Instead, for thirty years you have helped white male administrators bounce around the world exchanging headships, uninterrupted, some with heinous scandals trailing behind. You stood by watching white privileged teachers getting hired for being in the same fanbase of a football or hockey team as the head of the school, or the familiarity of shared white cultures, hometowns and cities. You have witnessed schools operate as mid-twentieth century colonial schools in order to keep their local expatriate populations happy. You have witnessed bright and promising teachers of colour, especially ones with passports like mine, from Africa or the ‘less-preferred’ countries in Asia, left with slim pickings and leftovers of jobs. You have witnessed teachers of colour unable to break the glass ceiling and achieve positions of paid leadership, no matter how small. You have witnessed teachers of colour unable to access job fairs because of visas and passport complications. You have witnessed nepotism and outright racism in hiring and supervising teachers, and you have stood silent all these years, all the while waving the flag of globalism and internationalism.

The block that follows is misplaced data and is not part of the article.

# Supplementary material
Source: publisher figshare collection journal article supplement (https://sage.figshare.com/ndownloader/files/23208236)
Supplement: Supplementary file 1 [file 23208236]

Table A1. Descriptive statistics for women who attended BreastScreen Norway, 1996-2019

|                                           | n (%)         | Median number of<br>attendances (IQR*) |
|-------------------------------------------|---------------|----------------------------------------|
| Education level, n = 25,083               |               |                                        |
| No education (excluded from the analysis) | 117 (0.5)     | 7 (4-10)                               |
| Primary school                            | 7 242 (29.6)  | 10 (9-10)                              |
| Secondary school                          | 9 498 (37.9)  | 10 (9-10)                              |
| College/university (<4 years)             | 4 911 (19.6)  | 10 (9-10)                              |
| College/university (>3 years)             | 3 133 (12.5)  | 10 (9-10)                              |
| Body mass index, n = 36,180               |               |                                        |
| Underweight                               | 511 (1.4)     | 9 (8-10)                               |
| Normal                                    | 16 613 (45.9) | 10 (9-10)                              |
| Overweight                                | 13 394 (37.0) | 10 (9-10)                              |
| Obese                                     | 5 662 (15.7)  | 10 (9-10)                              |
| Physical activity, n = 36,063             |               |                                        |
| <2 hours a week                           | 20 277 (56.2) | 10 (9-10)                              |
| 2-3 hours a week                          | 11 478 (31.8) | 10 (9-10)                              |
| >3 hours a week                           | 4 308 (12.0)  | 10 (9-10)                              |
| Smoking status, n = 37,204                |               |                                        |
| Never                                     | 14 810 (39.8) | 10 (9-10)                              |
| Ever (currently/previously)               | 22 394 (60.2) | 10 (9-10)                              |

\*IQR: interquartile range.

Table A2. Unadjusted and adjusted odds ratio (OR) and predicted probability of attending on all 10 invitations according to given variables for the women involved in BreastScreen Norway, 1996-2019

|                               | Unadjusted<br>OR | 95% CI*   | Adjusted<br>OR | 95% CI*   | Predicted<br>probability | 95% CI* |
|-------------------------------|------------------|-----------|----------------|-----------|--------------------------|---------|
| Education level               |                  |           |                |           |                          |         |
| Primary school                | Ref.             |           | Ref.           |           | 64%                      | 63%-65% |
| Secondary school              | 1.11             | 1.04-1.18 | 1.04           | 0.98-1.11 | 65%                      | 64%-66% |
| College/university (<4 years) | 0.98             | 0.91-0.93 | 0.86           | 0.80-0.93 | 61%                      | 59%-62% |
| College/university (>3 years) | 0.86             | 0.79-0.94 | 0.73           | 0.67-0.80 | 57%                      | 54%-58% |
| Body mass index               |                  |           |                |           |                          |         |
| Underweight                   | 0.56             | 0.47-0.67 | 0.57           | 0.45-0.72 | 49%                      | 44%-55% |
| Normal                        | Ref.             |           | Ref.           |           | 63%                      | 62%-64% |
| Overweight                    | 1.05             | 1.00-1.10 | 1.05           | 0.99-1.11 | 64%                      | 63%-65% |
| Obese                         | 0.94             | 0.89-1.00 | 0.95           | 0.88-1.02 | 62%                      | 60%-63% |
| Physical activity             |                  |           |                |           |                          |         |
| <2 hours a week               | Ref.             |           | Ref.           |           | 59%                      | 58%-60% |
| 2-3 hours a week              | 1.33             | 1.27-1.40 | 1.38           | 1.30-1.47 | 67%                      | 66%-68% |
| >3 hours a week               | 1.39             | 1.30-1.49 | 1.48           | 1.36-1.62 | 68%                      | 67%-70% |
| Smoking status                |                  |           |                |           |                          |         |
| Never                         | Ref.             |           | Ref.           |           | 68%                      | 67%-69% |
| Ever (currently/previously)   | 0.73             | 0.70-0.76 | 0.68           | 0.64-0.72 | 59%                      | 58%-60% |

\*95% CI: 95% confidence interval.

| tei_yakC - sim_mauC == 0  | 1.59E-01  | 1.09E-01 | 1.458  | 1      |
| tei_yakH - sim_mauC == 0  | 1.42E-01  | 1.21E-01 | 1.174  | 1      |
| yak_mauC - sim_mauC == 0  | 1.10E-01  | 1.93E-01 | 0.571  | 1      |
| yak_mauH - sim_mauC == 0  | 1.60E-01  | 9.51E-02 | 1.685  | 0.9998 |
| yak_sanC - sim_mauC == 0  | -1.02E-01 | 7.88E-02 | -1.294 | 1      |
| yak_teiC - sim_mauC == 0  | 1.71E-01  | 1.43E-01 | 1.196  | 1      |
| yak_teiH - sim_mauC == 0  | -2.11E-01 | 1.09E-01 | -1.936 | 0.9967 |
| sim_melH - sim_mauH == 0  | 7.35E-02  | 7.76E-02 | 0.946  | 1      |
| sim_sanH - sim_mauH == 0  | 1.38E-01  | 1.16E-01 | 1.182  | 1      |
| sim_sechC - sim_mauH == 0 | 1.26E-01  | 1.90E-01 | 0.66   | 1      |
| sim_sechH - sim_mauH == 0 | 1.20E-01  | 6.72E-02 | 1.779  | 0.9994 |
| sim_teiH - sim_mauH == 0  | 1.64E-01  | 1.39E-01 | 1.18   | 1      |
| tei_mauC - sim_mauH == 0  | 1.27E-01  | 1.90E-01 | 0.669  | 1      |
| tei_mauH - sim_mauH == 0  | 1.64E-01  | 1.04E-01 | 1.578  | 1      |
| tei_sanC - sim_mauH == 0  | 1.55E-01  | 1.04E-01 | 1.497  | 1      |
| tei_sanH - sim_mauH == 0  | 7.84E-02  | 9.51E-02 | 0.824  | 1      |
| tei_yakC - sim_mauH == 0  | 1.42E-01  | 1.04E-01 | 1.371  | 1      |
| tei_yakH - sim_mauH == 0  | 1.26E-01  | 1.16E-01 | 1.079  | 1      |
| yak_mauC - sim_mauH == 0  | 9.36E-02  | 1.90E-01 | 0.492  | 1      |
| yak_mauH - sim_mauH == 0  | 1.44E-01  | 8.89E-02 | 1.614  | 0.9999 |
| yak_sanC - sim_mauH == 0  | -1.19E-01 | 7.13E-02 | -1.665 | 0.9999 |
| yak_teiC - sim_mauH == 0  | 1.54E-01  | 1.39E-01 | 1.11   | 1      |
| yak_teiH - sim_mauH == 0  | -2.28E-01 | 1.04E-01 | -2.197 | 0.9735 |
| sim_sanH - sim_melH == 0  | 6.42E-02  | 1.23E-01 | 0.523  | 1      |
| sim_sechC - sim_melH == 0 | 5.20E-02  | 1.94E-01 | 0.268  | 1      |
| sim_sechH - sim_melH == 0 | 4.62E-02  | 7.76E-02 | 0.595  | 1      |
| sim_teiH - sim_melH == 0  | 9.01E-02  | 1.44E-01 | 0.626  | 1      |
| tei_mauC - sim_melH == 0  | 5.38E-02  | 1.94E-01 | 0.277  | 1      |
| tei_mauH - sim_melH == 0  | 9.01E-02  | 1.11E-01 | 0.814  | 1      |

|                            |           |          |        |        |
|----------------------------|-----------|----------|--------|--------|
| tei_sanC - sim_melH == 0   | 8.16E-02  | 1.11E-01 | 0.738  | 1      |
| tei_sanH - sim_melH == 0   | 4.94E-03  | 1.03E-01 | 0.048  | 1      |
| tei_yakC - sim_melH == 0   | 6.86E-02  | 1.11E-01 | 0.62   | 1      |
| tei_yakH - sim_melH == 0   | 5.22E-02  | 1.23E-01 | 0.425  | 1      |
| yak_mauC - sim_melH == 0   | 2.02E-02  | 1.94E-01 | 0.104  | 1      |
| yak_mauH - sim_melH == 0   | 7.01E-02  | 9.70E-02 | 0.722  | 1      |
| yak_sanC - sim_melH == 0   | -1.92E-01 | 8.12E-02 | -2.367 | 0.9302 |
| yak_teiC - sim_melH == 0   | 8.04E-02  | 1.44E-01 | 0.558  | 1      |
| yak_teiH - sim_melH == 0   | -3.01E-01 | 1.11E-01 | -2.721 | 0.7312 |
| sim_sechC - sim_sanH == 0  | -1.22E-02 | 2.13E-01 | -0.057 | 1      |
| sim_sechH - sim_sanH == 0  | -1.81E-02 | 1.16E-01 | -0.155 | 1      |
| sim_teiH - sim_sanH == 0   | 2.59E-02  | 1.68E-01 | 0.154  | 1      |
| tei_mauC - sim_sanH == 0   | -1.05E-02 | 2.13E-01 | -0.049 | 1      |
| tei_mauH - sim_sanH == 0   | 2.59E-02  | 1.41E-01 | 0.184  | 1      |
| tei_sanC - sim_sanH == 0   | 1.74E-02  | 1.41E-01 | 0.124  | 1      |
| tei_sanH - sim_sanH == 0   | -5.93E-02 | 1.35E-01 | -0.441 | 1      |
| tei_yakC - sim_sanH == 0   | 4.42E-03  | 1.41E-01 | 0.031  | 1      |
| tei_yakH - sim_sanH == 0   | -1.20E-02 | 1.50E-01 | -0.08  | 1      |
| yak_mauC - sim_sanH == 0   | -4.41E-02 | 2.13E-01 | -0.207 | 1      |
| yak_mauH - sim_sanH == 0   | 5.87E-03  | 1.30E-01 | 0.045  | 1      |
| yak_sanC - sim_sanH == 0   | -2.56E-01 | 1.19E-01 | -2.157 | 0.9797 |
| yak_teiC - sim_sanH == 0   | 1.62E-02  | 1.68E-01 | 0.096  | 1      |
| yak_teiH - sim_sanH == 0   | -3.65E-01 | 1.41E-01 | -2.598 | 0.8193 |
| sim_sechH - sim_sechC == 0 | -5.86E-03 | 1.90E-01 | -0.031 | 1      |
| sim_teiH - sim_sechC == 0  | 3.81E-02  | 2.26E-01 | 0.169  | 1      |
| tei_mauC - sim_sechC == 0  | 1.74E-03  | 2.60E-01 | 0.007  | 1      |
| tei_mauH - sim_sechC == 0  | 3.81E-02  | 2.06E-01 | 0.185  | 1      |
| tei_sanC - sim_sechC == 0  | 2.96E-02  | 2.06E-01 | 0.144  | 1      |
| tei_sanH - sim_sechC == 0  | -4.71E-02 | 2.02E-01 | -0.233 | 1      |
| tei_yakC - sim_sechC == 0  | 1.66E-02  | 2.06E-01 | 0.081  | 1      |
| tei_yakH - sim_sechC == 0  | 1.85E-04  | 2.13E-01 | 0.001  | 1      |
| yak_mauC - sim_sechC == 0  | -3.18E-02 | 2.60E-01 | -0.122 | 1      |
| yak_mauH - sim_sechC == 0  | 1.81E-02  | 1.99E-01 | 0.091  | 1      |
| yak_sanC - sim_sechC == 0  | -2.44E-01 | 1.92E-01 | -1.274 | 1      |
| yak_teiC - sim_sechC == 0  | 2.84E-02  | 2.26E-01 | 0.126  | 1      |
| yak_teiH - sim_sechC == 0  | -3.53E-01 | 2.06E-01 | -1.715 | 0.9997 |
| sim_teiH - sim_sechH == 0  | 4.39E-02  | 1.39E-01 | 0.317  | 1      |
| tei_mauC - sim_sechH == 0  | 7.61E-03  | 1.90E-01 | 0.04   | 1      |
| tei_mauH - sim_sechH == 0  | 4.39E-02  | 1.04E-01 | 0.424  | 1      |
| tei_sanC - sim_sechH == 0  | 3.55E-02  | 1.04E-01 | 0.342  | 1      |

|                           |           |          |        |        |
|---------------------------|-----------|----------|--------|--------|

I am a brilliant teacher, and I will say that because few white administrators will. I have been bullied by white administrators in my own home country, Sudan, scoffed at, underpaid, brushed aside, dismissed, cornered and blatantly put down as I have continued to teach across the world. I have met teachers of colour who have worked under the same white administrators, who share similar stories and experiences. Yet these administrators have continued to reign, thrive and grow their careers. I am my mother and father’s daughter; a well-educated Sudanese firecracker of a woman, so I was never silent wherever I went. I have boldly confronted racism, stood my ground, and made administrators rethink their words and behaviour around me, but fighting systemic racism with little support is exhausting.